Migratory species across North America are on the move as the fall season progresses toward winter. Right now is the ideal time to observe bird migration, with many uncommonly observed species moving through our area on their way to the tropics. I’ve always marveled at the sheer distance some of these species travel.
It's hard to understand how the risks involved in such great distances add up to be worth it for the perpetuation of their numbers. I find it fascinating to think about how this behavior developed across the evolutionary timescale as I observe this annual migration each year.
Monarchs on the Move
One migratory species that has captivated the public in recent times is the monarch butterfly (Danaus plexippus). Some of this captivation is tied to the monarch’s declining populations across North America, which is currently at risk, but it's also the incredible migration distance (up to 2,500 miles) that draws attention.
However, there is some confusion on how the monarch lifecycle and migration function, which has led to quite a few questions from the public over recent weeks as monarchs have begun their annual move south.
It's been hard to find monarchs in Central Illinois this week, although I was seeing them as recently as early last week. Most folks don’t realize that the monarchs we see leave central Illinois in the fall are not the same individuals that arrived in the spring. Over the course of summer, monarchs have up to 3 generations of adults in our area. It’s the final generation of the year that migrates south to overwinter.
Throughout the summer, monarchs typically have a 4-6 week lifespan. However, the final generation for the year has a much longer life, spanning many months in their overwintering location. This generation also begins the spring migration north but never makes it as far as Illinois. They will lay eggs along the way that hatch into the first generation of the year that reaches us.
Monarchs in our area and all others east of the Rocky Mountains migrate to Mexico to overwinter. The one exception is some populations of non-migratory monarchs in Florida, which experience a warm enough climate year-round that there is no need to move further south. West of the Rockies, monarch populations overwinter in coastal California, or some make the trip south to Mexico.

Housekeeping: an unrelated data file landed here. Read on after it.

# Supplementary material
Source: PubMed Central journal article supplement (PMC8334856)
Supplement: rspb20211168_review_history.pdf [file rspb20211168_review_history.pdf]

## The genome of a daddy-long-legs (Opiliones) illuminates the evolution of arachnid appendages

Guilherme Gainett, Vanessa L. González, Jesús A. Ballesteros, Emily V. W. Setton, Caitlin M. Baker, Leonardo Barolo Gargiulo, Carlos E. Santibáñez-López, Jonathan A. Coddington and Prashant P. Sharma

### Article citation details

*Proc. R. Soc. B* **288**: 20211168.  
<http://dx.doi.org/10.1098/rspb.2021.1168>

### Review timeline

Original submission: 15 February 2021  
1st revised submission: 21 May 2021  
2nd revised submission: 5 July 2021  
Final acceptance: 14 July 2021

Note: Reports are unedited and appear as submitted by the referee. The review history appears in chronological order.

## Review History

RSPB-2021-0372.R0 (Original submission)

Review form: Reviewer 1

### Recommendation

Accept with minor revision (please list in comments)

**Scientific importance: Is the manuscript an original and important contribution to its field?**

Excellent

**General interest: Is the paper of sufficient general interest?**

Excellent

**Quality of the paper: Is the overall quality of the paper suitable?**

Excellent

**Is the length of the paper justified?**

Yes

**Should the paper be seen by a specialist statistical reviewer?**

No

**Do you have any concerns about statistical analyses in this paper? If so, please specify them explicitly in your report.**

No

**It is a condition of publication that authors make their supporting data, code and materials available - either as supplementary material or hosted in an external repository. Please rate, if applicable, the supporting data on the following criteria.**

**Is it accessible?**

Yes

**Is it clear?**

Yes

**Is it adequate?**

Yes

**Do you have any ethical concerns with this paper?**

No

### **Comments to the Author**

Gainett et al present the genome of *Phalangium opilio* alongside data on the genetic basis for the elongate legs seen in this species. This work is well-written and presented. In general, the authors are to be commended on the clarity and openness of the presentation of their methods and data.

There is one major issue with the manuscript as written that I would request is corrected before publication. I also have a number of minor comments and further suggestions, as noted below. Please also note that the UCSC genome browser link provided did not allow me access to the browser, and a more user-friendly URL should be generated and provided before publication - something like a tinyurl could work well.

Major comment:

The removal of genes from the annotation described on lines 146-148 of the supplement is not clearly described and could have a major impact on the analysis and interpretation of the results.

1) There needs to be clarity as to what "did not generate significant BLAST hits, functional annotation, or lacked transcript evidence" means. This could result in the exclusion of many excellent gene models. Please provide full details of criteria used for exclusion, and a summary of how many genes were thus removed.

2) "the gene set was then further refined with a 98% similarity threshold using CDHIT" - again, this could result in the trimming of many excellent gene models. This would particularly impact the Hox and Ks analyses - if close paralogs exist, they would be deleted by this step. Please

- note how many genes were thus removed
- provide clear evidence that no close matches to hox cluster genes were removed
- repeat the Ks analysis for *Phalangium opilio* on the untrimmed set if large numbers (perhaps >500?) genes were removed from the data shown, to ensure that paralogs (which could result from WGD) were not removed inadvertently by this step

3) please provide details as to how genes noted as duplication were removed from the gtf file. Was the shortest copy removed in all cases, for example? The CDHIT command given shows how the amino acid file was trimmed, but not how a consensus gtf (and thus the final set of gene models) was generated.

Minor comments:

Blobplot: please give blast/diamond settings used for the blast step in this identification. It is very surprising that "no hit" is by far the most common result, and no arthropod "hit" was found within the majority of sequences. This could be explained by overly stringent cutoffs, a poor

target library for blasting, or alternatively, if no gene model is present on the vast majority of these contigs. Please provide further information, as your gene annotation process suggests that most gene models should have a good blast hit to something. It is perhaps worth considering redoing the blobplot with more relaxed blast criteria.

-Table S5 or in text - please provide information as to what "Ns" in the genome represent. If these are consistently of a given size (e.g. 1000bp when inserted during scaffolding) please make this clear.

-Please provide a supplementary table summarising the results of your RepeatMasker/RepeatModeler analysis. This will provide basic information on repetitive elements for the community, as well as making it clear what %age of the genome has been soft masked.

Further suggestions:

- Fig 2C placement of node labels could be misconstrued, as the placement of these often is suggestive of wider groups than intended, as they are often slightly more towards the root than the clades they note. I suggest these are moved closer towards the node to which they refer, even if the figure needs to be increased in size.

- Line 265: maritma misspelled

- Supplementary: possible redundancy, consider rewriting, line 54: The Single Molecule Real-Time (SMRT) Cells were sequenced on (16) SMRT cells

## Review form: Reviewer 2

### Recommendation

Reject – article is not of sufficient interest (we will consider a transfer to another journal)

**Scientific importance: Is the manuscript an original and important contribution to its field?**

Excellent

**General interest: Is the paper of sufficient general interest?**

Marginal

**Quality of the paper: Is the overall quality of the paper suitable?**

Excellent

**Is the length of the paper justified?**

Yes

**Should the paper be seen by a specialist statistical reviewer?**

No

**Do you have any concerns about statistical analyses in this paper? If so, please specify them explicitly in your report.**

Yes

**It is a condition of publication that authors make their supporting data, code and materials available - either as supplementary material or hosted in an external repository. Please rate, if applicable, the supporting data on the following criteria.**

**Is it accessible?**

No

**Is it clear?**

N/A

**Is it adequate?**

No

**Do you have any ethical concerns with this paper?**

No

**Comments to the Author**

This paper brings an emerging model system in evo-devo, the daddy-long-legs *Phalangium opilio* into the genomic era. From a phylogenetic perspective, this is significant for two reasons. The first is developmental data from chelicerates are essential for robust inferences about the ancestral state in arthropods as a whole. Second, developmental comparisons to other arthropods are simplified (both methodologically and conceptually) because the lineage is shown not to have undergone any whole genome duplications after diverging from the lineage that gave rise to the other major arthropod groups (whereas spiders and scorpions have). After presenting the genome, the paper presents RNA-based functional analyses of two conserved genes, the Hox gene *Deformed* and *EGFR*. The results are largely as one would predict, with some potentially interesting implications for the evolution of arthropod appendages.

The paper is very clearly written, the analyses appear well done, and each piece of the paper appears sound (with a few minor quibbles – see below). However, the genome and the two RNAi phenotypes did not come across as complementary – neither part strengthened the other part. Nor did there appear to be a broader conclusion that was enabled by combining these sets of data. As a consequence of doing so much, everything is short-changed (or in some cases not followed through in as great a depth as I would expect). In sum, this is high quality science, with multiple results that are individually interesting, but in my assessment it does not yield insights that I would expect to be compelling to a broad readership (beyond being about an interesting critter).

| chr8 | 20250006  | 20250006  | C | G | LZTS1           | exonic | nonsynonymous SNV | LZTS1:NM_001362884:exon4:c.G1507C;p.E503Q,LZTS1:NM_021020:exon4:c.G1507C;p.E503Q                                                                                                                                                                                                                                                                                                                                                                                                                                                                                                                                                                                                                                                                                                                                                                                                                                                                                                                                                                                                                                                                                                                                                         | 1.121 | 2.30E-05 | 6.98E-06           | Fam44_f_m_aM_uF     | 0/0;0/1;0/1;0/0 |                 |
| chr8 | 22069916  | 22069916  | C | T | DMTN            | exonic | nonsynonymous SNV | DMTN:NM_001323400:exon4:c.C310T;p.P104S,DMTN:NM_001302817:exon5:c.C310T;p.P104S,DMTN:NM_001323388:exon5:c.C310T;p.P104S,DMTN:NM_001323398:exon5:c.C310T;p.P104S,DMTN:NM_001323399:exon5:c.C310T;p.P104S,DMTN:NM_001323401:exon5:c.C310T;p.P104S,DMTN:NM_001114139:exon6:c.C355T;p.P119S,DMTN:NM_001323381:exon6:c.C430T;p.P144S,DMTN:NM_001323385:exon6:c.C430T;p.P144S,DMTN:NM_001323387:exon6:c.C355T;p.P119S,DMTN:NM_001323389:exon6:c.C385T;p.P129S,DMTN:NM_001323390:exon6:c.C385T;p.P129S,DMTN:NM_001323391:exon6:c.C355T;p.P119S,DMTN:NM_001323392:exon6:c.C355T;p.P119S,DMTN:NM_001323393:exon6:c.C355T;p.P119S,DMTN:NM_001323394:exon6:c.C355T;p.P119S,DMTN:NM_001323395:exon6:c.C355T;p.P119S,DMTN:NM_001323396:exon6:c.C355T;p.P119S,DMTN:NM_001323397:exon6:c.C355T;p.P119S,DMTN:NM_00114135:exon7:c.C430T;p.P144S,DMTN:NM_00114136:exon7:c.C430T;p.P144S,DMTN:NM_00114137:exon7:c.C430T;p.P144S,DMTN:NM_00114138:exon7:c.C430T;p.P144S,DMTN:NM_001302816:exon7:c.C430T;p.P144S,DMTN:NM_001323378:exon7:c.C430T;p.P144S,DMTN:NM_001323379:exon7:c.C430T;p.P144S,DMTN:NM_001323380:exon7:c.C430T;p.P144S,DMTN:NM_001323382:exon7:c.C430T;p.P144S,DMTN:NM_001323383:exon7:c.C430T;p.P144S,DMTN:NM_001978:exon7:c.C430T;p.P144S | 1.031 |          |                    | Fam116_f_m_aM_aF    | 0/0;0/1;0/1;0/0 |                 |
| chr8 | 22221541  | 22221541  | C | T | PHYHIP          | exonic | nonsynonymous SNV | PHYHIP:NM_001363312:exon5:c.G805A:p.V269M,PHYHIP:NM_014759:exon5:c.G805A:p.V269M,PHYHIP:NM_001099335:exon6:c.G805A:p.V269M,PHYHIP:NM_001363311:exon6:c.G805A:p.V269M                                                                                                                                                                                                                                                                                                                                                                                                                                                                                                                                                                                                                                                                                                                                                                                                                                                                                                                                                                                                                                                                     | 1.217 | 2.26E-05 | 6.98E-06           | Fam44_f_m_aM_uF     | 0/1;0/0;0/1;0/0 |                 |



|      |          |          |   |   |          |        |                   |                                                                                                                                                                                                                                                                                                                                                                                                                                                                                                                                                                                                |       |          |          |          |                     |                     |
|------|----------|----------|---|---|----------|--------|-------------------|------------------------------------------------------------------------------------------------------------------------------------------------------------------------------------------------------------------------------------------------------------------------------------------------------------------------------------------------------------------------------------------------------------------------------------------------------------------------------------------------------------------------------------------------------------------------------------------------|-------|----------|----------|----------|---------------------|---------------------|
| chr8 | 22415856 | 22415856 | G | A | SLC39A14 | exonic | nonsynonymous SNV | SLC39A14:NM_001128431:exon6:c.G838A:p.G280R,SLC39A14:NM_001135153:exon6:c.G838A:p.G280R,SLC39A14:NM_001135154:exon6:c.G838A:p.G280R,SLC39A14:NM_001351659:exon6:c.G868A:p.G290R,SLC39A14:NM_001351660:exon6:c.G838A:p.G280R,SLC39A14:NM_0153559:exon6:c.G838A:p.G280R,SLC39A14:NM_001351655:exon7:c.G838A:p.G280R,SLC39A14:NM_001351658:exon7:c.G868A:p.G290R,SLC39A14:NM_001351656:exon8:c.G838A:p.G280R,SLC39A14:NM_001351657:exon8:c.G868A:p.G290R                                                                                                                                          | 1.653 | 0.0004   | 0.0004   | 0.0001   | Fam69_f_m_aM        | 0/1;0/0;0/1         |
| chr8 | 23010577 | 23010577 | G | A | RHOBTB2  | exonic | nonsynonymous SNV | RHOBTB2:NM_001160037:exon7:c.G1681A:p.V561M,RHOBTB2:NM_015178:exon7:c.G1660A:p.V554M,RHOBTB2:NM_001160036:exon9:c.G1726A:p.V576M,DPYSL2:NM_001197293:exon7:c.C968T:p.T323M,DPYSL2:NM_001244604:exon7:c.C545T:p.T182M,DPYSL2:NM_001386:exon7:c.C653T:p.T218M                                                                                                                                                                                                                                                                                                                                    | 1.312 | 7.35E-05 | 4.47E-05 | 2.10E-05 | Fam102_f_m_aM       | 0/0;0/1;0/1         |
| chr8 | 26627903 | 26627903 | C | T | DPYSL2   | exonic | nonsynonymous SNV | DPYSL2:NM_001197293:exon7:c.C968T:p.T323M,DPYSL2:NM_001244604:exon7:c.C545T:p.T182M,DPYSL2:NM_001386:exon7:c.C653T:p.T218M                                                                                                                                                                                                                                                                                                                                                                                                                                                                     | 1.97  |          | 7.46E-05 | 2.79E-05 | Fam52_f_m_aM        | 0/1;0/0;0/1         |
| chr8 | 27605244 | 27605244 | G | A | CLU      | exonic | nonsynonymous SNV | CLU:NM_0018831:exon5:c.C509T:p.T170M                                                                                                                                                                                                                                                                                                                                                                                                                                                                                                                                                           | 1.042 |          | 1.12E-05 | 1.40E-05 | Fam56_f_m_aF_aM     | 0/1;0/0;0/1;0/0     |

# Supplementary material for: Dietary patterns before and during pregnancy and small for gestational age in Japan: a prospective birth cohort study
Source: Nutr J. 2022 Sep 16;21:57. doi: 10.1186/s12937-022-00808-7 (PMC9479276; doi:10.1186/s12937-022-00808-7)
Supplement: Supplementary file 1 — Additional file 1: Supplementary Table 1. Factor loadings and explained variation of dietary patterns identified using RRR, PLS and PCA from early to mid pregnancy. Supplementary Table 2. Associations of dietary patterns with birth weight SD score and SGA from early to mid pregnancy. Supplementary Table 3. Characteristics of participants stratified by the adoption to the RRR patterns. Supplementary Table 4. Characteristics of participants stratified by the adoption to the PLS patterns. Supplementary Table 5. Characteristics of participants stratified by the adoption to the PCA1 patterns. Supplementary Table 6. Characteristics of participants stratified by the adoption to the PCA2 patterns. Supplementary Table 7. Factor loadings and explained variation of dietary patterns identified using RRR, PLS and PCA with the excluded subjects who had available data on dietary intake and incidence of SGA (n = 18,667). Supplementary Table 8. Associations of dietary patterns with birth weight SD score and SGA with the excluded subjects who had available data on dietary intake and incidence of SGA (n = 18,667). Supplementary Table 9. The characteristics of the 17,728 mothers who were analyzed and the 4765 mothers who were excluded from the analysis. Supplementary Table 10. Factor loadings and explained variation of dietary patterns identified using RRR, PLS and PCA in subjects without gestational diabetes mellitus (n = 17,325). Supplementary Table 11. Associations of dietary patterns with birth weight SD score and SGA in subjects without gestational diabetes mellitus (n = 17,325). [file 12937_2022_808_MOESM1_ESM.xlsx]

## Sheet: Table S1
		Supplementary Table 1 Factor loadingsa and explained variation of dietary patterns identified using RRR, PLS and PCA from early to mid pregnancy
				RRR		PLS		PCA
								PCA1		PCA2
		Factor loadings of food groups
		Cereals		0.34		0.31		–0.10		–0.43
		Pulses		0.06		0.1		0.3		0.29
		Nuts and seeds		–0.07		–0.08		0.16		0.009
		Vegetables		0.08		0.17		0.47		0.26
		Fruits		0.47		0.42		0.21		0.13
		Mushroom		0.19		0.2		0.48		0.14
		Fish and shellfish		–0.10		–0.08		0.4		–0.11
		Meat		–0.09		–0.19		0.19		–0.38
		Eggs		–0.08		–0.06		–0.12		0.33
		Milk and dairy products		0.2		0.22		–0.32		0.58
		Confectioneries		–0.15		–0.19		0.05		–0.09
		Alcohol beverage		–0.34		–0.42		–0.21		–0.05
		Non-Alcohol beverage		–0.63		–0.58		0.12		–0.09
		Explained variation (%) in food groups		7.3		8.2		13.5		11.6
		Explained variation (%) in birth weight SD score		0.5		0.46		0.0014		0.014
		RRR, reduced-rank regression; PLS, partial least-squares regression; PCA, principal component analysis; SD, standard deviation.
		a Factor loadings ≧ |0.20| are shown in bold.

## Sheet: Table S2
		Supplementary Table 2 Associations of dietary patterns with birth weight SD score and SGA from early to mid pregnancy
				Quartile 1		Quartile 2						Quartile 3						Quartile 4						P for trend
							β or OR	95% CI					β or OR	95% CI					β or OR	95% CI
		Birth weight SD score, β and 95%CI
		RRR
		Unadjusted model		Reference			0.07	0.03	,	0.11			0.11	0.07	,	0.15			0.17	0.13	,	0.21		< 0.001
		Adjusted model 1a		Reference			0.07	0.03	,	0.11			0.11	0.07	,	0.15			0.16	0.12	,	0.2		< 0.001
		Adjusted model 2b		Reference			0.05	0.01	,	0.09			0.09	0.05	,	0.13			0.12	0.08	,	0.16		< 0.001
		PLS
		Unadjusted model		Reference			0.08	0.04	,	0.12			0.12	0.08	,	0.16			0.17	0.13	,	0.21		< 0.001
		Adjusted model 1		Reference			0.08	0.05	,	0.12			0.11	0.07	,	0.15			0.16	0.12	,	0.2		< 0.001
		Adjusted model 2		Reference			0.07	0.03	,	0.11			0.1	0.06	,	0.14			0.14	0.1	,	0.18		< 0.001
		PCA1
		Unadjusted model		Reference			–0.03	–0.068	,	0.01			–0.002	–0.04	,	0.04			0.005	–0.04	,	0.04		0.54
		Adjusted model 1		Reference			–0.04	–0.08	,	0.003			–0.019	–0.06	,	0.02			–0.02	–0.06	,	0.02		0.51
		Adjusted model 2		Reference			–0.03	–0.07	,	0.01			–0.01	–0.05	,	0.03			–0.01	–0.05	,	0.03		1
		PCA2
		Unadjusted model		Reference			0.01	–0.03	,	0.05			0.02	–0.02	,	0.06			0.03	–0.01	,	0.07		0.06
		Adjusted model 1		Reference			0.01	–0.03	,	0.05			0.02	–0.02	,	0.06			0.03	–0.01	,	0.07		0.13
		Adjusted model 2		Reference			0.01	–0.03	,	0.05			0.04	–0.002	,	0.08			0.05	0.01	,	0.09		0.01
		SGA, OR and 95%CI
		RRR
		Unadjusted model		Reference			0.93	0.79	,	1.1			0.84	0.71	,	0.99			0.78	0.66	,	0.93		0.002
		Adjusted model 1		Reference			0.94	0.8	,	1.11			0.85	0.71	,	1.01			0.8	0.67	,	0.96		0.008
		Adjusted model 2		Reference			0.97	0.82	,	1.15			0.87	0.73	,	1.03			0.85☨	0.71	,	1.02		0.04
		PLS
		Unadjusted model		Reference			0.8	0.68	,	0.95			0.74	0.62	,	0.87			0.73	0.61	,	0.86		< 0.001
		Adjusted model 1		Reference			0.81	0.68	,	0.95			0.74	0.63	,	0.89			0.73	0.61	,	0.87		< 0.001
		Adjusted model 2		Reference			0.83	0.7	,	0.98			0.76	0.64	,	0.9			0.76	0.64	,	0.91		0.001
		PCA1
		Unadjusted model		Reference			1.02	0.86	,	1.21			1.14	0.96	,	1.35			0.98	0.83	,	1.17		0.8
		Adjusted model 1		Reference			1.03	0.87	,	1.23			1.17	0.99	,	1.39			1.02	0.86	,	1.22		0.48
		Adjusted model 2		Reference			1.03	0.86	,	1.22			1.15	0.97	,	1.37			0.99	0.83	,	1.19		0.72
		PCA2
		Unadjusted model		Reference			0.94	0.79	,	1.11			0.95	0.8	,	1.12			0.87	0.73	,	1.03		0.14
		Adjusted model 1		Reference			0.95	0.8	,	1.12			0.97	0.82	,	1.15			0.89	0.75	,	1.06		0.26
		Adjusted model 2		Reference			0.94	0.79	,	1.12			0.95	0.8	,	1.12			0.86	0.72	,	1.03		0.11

Concerns About Late Caterpillars
As cooler nights have set in over recent weeks, I’ve received questions from concerned monarch spotters wondering if the individuals they are observing in their yards and gardens will make it south before succumbing to the cold. Many folks simply want to know what they can do to help, and there really isn’t a whole lot you can do at this point in the season. It's best to let nature take its course for these individuals.
Some folks in southern Illinois have reached out this week as they are still finding caterpillars and wondering if it's best to rear them indoors for protection from the cold. My answer was similar for them, that it's best to allow nature to take its course.
In this case, I worry that bringing monarchs indoors at this point in the season may disrupt their migration behavior. Recent research has shown that artificially-reared monarchs have a reduced ability to migrate. So, in my opinion, it is best to leave them in place, even if you are finding caterpillars on milkweed plants late in the season.
How You Can Help Monarchs
If you are interested in supporting migrating monarchs, the best thing you can do is add fall-blooming plants to your garden. The annual migration requires large amounts of energy for each butterfly making the long journey, and the nectar in your garden can help fuel the trek.
Right now, I have multiple species of native asters and a few goldenrods still in full bloom. Aromatic aster (Symphyotrichum oblongifolium) has just started blooming and will continue its display until killing frosts arrive much later in the season. Although it may be too late for migrating monarchs, it can be a valuable food source for other pollinators that are still active.
Even non-native species can be of benefit since they offer nectar. Numerous sedums (Sedum spp.) are blooming now and have been for weeks. These beautiful succulents provide ample blooms in fall, attracting various butterfly species.
Mexican sunflower (Tithonia rotundifolia) is a non-native annual that is highly attractive to monarchs and blooms late into the season. This member of the daisy plants develops into a large bushy plant with tons of blooms from mid-summer until frost. With tons of blooms come tons of seeds, so beware that this annual can readily self-seed.
Take a look around your garden right now to see what’s in bloom (or not in bloom), and consider what you might be able to add next year. Fall bloomers certainly benefit the butterflies but also help your garden space end the season with a colorful bang!
Freedman, MG and Kronforst, MR. 2023. Migration genetics take flight: genetic and genomic insights into monarch butterfly migration. Insect Science 59:101079.
Oberhauser, KS. 2019. Captivity concerns for monarch butterflies. Nature 573, 501-502.
Tenger-Trolander et al. Contemporary loss of migration in monarch butterflies. Proceedings of the National Academy of Sciences 116(29), 14671-14676.
Main Photo Caption: New England aster can be an important nectar source for migrating monarchs this time of year. Consider adding asters and other fall-blooming perennials in support of monarch migration. Photo by Ryan Pankau.